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Monday, Second Week of Advent

December 11, 2006

Blessed St. Damasus’ Day! (look for his story in the “saints of Advent” category)

Isaiah 35:1-10 (God brings joy and salvation)
Psalm 85:9-14 “Our God will come to save us!”
+ Luke 5:17-26 (Jesus forgives the paralytic’s sins, then heals his body)

Where do we expect to find joy?

That question is especially relevant as we prepare for Christmas, the season of joy. Perhaps we think that if we find (or receive) just the right gifts, put up just the right decorations, serve just the right food, find the perfect tree and/or do just the right activities with the right people, then we will have a truly merry Christmas. But what often seems to happen is that we get caught up in an adrenaline rush that leaves us cold and empty on December 26th (or whenever the end of last holiday gathering leaves our house–and our heart–sadly vacant).

Christmas-induced depression is proverbial. We’re supposed to be happy and we’re not, which makes the disappointment that much harder to bear. What went wrong? We know that God came to bring us joy. He says so in passages too numerous to quote, but today’s reading from Isaiah is one of them: “Those whom the Lord has ransomed will return…crowned with everlasting joy…sorrow and mourning will flee”. …everlasting joy, not a flash in the pan. Jesus doesn’t come on December 25th, only to leave us the next day. He says, “I am with you always, until the end of the world!” (Matthew 28:20). Christmas Day is only the beginning!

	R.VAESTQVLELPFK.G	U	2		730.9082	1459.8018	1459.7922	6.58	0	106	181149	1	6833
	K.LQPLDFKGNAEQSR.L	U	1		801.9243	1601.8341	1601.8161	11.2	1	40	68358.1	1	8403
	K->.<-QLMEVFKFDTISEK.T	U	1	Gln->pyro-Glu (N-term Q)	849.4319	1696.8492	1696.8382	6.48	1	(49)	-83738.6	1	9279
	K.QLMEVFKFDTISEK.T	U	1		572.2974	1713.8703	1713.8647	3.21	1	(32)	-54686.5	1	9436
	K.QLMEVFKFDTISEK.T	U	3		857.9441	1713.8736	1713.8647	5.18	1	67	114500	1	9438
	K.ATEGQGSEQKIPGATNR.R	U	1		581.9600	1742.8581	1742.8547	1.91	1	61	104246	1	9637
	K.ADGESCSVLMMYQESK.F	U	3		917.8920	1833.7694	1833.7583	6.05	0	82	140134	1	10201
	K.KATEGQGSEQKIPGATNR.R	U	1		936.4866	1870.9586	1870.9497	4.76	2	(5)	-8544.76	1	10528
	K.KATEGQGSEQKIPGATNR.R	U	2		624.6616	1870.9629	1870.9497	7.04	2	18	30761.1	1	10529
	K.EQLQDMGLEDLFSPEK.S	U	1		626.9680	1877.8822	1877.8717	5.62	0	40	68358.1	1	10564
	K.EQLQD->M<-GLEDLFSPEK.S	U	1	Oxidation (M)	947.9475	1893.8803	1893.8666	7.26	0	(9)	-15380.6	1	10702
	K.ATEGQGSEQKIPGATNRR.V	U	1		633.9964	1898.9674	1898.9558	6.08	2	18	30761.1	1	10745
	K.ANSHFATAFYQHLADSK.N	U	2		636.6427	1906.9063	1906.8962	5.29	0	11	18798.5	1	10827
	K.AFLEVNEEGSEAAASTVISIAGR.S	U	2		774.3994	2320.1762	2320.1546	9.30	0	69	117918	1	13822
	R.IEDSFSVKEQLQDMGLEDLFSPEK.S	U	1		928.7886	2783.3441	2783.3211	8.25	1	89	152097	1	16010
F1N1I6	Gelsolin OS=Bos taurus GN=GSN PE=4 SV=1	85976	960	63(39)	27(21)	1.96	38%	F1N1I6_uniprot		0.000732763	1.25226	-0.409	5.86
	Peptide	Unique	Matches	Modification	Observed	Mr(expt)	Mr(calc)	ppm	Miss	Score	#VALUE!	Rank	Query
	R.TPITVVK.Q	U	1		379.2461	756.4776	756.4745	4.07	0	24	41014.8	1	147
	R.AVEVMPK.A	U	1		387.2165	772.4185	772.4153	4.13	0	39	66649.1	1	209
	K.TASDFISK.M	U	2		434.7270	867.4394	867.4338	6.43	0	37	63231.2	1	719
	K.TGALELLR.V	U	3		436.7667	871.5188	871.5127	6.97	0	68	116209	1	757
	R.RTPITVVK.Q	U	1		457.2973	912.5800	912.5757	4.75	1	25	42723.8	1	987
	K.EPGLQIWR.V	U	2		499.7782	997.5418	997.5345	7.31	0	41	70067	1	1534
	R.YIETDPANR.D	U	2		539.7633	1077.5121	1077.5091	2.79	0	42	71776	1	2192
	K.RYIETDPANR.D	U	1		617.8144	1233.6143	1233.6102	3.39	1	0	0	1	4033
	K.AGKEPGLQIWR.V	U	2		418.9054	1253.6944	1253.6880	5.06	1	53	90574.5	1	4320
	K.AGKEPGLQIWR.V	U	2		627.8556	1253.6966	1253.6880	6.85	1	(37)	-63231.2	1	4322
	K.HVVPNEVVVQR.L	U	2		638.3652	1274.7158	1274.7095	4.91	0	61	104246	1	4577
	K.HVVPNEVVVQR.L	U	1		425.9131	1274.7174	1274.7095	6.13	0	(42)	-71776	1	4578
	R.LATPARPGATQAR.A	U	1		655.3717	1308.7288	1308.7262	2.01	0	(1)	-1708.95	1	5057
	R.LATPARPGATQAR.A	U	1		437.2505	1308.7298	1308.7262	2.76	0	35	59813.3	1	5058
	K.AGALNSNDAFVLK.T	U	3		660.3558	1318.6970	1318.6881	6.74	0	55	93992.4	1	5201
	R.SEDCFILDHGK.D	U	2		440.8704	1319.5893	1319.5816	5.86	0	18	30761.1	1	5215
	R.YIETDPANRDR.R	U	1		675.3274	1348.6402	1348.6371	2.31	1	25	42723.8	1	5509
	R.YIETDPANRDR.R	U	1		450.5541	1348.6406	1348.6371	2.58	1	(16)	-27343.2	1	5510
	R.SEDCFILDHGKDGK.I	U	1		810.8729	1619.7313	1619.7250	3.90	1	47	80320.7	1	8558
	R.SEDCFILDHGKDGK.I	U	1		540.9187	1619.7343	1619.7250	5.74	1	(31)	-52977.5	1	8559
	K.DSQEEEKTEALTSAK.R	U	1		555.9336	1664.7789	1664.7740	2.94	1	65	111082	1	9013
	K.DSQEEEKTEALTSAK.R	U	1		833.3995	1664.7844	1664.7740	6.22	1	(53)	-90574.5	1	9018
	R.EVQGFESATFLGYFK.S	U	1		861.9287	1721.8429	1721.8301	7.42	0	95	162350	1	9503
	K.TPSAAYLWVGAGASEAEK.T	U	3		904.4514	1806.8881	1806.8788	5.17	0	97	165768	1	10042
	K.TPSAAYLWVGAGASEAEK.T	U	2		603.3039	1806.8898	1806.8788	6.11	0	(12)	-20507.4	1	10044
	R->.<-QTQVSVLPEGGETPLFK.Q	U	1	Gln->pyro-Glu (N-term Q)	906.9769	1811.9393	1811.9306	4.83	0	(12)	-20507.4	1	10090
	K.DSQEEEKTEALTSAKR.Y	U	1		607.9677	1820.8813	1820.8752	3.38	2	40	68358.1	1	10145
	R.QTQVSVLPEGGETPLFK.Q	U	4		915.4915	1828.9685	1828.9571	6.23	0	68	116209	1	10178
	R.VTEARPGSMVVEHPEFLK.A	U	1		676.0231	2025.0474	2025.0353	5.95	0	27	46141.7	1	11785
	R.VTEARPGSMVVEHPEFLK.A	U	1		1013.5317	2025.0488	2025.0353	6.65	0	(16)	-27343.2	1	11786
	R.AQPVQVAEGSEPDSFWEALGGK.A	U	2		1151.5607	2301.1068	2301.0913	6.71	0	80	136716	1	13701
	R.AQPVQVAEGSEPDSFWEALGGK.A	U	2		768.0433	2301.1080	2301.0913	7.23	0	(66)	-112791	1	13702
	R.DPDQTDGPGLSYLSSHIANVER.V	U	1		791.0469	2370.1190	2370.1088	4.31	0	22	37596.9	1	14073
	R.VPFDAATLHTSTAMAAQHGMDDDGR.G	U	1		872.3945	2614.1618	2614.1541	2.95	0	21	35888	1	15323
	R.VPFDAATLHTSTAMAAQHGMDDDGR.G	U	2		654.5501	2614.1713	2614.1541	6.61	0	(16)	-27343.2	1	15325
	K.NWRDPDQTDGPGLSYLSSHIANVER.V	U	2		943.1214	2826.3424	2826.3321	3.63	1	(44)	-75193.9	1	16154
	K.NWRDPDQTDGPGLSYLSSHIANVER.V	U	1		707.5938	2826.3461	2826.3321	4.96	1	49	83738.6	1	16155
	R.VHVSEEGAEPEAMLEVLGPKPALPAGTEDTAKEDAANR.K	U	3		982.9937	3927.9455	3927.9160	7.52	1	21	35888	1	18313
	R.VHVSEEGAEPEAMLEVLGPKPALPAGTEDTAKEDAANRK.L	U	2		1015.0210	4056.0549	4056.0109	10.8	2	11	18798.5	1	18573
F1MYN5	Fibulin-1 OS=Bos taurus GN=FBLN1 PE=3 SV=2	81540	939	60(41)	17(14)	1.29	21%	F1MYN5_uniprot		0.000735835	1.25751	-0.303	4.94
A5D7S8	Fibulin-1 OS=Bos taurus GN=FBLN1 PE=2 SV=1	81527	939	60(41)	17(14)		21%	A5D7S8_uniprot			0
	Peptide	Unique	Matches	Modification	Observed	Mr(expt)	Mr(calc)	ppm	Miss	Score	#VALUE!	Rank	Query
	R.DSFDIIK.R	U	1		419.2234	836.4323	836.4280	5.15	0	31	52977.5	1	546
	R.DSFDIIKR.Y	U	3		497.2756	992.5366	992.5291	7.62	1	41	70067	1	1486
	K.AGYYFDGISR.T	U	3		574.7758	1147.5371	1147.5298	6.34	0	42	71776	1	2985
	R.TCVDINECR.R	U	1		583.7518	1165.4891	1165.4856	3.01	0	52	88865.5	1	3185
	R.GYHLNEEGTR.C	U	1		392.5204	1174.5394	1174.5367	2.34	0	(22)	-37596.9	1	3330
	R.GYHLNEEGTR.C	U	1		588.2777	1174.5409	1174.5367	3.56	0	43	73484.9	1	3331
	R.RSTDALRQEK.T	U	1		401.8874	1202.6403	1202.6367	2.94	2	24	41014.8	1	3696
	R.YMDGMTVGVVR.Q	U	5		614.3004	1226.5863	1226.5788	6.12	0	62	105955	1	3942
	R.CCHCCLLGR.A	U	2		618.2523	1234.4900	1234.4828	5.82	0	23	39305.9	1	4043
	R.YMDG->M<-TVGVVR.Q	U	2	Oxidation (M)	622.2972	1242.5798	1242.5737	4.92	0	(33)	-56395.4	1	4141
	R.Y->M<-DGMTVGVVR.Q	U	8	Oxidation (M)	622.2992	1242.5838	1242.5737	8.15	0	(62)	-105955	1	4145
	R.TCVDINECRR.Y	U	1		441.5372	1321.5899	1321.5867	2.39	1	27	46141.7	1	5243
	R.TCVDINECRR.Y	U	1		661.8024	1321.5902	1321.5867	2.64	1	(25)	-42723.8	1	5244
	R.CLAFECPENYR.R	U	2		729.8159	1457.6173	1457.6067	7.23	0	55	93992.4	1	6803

So why don’t we experience it that way? Well, maybe we’re looking for joy in the wrong places. Jesus didn’t say, “Seek ye first all things, and the Kingdom of God shall be added unto you”. He said “Seek first His Kingship over you, His way of holiness, and all these things shall be added besides” (Matthew 6:33). Note that Isaiah said that joy would radiate from those whom the Lord had ransomed. That’s where the joy comes from.

Picture Jesus trying to carry an emaciated prisoner out of a dark, dank dungeon while the man clings desperately to the prison bars, protesting, “Jesus, You don’t understand! This is all I have! I can’t leave it.” God came to ransom us from the slavery of sin. If we refuse His kingship, if we won’t let go of the attachments that keep us from fulfilling His perfect plan for us, then we don’t allow Him to ransom us. We refuse His joy. All too often, our preparations for Christmas leave us clinging even more tightly to our prison bars, to our attempts to make ourselves happy.

[Sin] is the root of human unhappiness. Other things may make life unpleasant, uncomfortable, extraordinarily difficult, but not necessarily unhappy. We can find happiness in ignorance, in terrible physical fatigue, in back-breaking labour. But happiness is not to be found in the heart of a sinner. He may wear the mask of pleasure and carry an air of bravado about with him as a protection from the pity of others. But no one knows better than the priest that no great sinner needs to be urged to shame and remorse; that sinner has drunk deep of the cup of misery and knows well its bitterness. -Walter Farrell, A Companion to the Summa